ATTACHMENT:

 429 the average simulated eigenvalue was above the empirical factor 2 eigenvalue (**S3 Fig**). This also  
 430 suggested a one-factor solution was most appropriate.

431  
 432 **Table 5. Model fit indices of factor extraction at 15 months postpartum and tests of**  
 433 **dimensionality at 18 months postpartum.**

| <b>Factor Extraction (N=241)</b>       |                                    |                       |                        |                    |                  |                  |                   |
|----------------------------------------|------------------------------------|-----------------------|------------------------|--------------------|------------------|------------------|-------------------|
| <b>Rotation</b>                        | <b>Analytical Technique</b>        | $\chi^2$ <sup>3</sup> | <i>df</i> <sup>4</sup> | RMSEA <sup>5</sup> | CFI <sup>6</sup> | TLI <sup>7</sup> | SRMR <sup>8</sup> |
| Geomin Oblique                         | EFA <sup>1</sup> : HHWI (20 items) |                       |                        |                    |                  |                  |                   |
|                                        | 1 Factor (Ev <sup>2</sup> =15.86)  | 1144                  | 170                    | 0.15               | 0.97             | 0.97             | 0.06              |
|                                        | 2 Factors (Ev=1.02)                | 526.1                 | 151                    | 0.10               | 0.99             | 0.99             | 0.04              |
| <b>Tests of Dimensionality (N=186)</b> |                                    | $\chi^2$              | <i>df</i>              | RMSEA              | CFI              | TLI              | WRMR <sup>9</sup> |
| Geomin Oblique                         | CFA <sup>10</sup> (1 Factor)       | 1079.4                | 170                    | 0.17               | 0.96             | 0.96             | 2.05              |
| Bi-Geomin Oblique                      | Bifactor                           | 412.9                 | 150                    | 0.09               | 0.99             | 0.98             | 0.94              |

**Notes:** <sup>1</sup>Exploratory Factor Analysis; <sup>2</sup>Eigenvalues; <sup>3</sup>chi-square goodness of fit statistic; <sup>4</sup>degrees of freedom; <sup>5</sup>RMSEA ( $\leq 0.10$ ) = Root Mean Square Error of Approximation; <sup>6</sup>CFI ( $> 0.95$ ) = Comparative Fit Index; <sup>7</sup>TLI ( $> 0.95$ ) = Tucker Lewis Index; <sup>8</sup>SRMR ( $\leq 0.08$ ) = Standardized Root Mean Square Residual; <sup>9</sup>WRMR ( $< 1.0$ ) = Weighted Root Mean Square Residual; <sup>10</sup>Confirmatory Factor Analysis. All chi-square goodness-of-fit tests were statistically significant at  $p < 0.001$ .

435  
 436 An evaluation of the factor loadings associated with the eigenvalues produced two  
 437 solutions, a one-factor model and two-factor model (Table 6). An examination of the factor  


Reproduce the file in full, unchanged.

 429 the average simulated eigenvalue was above the empirical factor 2 eigenvalue (**S3 Fig**). This also  
 430 suggested a one-factor solution was most appropriate.

431  
 432 **Table 5. Model fit indices of factor extraction at 15 months postpartum and tests of**  
 433 **dimensionality at 18 months postpartum.**

| <b>Factor Extraction (N=241)</b>       |                                    |                       |                        |                    |                  |                  |                   |
|----------------------------------------|------------------------------------|-----------------------|------------------------|--------------------|------------------|------------------|-------------------|
| <b>Rotation</b>                        | <b>Analytical Technique</b>        | $\chi^2$ <sup>3</sup> | <i>df</i> <sup>4</sup> | RMSEA <sup>5</sup> | CFI <sup>6</sup> | TLI <sup>7</sup> | SRMR <sup>8</sup> |
| Geomin Oblique                         | EFA <sup>1</sup> : HHWI (20 items) |                       |                        |                    |                  |                  |                   |
|                                        | 1 Factor (Ev <sup>2</sup> =15.86)  | 1144                  | 170                    | 0.15               | 0.97             | 0.97             | 0.06              |
|                                        | 2 Factors (Ev=1.02)                | 526.1                 | 151                    | 0.10               | 0.99             | 0.99             | 0.04              |
| <b>Tests of Dimensionality (N=186)</b> |                                    | $\chi^2$              | <i>df</i>              | RMSEA              | CFI              | TLI              | WRMR <sup>9</sup> |
| Geomin Oblique                         | CFA <sup>10</sup> (1 Factor)       | 1079.4                | 170                    | 0.17               | 0.96             | 0.96             | 2.05              |
| Bi-Geomin Oblique                      | Bifactor                           | 412.9                 | 150                    | 0.09               | 0.99             | 0.98             | 0.94              |

**Notes:** <sup>1</sup>Exploratory Factor Analysis; <sup>2</sup>Eigenvalues; <sup>3</sup>chi-square goodness of fit statistic; <sup>4</sup>degrees of freedom; <sup>5</sup>RMSEA ( $\leq 0.10$ ) = Root Mean Square Error of Approximation; <sup>6</sup>CFI ( $> 0.95$ ) = Comparative Fit Index; <sup>7</sup>TLI ( $> 0.95$ ) = Tucker Lewis Index; <sup>8</sup>SRMR ( $\leq 0.08$ ) = Standardized Root Mean Square Residual; <sup>9</sup>WRMR ( $< 1.0$ ) = Weighted Root Mean Square Residual; <sup>10</sup>Confirmatory Factor Analysis. All chi-square goodness-of-fit tests were statistically significant at  $p < 0.001$ .

435  
 436 An evaluation of the factor loadings associated with the eigenvalues produced two  
 437 solutions, a one-factor model and two-factor model (Table 6). An examination of the factor  